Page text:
I witnessed a flock of Robins foraging in the leaf litter on my back hill today. I’d been wondering about robins since yesterday, how it was the brown/orange female robin flitting around in my front garden looked so well fed.
Peter Guren, the creator of the comic strip, Ask Shagg, answered my question, in part. In response to a reader’s inquiry about why robins don’t eat from a bird feeder during winter, he replied, “ Robins that don’t migrate will hang around and eat fruit in the winter.” That made sense; a few red berries, blue berries, still tethered to my holly and juniper shrubs, though a little spongy, lay in wait.
I write this post at my kitchen table with a sweeping view of the back hill. The out door thermometer reads 58 degrees, a February thaw. I cannot say what drew my attention up the back hill, beyond the erosion/planter inserts filled with green pachysandra, to the bank of exposed leaves. The leaves were moving—flitting, fleeting, fluttering, leaping, turning. It was as if I were witnessing a live video on camera. But what was propelling all that action?
I stood at the patio door to focus up the thirty yards where the scene was playing out. It took a sustained and conscious effort to zoom onto what seemed surreal, my imagination at play, when I caught sight of the red/orange breast of one, two, three, ten, twenty or more robins in a feeding frenzy. The sight of so many in the common search for food, their coordinated dance, the sense of their innate radar— food for nourishment beneath the melting of new snow, the moist leaves abundant with earthworms, beetles, spiders, and more.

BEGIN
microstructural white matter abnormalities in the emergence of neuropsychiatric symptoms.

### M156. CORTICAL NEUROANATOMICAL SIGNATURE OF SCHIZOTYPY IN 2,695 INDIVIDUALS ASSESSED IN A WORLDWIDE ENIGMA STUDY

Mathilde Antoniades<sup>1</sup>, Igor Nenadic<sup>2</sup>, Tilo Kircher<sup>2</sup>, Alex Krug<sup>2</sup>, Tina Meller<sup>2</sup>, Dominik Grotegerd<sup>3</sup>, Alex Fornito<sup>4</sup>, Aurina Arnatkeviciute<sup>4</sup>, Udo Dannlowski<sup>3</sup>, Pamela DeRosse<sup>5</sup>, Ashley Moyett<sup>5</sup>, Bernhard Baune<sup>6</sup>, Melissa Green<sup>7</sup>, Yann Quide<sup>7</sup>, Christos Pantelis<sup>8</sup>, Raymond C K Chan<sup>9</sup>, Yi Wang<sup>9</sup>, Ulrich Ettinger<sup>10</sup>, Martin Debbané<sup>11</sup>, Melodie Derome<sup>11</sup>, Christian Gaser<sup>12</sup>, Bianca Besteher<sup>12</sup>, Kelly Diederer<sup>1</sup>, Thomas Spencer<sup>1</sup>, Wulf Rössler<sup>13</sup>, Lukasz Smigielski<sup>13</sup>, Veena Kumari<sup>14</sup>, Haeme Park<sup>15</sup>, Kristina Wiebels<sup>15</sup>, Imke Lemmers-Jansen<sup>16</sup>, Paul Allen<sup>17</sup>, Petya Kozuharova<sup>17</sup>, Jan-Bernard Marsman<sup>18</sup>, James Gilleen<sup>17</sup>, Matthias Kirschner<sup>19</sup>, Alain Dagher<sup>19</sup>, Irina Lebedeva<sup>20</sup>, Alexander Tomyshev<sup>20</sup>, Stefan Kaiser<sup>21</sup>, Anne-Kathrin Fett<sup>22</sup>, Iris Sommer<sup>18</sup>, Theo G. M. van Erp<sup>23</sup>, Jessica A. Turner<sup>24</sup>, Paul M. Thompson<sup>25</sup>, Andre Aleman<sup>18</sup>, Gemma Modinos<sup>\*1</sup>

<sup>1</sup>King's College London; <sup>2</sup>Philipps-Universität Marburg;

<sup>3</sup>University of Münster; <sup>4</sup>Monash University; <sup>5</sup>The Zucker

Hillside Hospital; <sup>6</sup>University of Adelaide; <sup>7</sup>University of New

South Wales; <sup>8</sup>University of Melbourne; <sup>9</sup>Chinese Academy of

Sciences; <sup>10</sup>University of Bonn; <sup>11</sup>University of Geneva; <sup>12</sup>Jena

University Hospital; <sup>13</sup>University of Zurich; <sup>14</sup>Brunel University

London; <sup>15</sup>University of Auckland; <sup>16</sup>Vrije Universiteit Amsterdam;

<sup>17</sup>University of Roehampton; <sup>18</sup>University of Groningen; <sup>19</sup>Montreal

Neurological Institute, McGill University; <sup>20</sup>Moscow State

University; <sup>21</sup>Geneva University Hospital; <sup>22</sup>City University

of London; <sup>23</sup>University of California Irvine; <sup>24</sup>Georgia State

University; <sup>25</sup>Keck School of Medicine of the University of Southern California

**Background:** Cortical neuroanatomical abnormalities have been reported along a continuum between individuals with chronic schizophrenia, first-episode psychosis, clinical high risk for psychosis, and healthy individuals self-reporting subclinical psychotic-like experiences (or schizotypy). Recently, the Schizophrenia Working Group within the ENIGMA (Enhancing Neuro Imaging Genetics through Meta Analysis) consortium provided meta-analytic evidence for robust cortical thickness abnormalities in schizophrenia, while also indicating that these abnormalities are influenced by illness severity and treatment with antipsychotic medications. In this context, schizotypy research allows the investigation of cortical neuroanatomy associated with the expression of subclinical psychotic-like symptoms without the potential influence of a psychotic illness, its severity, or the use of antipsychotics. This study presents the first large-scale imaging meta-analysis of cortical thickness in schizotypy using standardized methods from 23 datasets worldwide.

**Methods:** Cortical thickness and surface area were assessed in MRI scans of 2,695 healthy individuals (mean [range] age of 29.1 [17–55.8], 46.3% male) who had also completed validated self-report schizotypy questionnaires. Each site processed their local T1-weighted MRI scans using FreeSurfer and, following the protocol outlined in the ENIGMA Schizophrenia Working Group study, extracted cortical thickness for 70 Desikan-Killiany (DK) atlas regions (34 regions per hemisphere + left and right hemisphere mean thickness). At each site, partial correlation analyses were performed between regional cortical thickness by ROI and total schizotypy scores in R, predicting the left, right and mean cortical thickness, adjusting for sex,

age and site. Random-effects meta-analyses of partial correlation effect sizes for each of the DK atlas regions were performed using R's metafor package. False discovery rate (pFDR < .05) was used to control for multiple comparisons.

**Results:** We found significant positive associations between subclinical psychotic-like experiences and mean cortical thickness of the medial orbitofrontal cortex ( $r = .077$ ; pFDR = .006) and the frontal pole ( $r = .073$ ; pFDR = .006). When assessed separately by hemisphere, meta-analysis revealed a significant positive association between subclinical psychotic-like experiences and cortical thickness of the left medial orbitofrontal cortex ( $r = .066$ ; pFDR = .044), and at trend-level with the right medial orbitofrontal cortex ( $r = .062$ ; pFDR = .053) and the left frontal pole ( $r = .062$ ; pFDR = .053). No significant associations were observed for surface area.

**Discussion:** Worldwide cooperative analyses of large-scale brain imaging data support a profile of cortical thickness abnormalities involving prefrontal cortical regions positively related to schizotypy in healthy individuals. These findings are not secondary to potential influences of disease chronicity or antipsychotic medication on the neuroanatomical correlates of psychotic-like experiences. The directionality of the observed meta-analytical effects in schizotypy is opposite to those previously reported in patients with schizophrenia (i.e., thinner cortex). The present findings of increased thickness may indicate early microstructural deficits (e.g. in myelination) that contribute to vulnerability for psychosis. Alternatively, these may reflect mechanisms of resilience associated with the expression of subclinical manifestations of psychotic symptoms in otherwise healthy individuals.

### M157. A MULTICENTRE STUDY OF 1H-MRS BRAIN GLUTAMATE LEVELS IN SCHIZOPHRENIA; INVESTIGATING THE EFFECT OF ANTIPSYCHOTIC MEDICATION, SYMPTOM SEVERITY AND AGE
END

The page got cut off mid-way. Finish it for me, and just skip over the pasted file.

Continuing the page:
My anxious gut fluttered with gratitude, a release of pleasure, uncoiling with delight, this 30th day of Trump’s presidency, The robins had not flown south; they had stayed close to home, this homestead surrounded by oaks and American Beeches, the branched lily tree in the front garden which nests 3 to 4 chicks each spring.
Since President Trump’s 77-minute press conference, his rant of free association, my mind craved grounding, a way to sort and sift what I had heard, a way to make sense of what made no sense. The birds offered a lesson.
I am grateful to be reminded of what lies beneath the surface, to refocus, to shift attention from the chaos of breaking news to the quiet rhythms of nature, music, reading, reflective writing, and once again, list making. My friend, Rosemary, offered an interesting response to my last post. “I think of lists as containment, ways to hold in place (if briefly) what can otherwise roam wild in our minds.”
The flurry on this hill—at first sight—seemed wild, out of control. Brown, matted down, leaves were being propelled by an invisible force. Orange/red rounded bursts, grey wing- shaped pulsations, caused me to pause and focus more intently until the full sweep of what was occurring came into view. I am grateful for the lesson.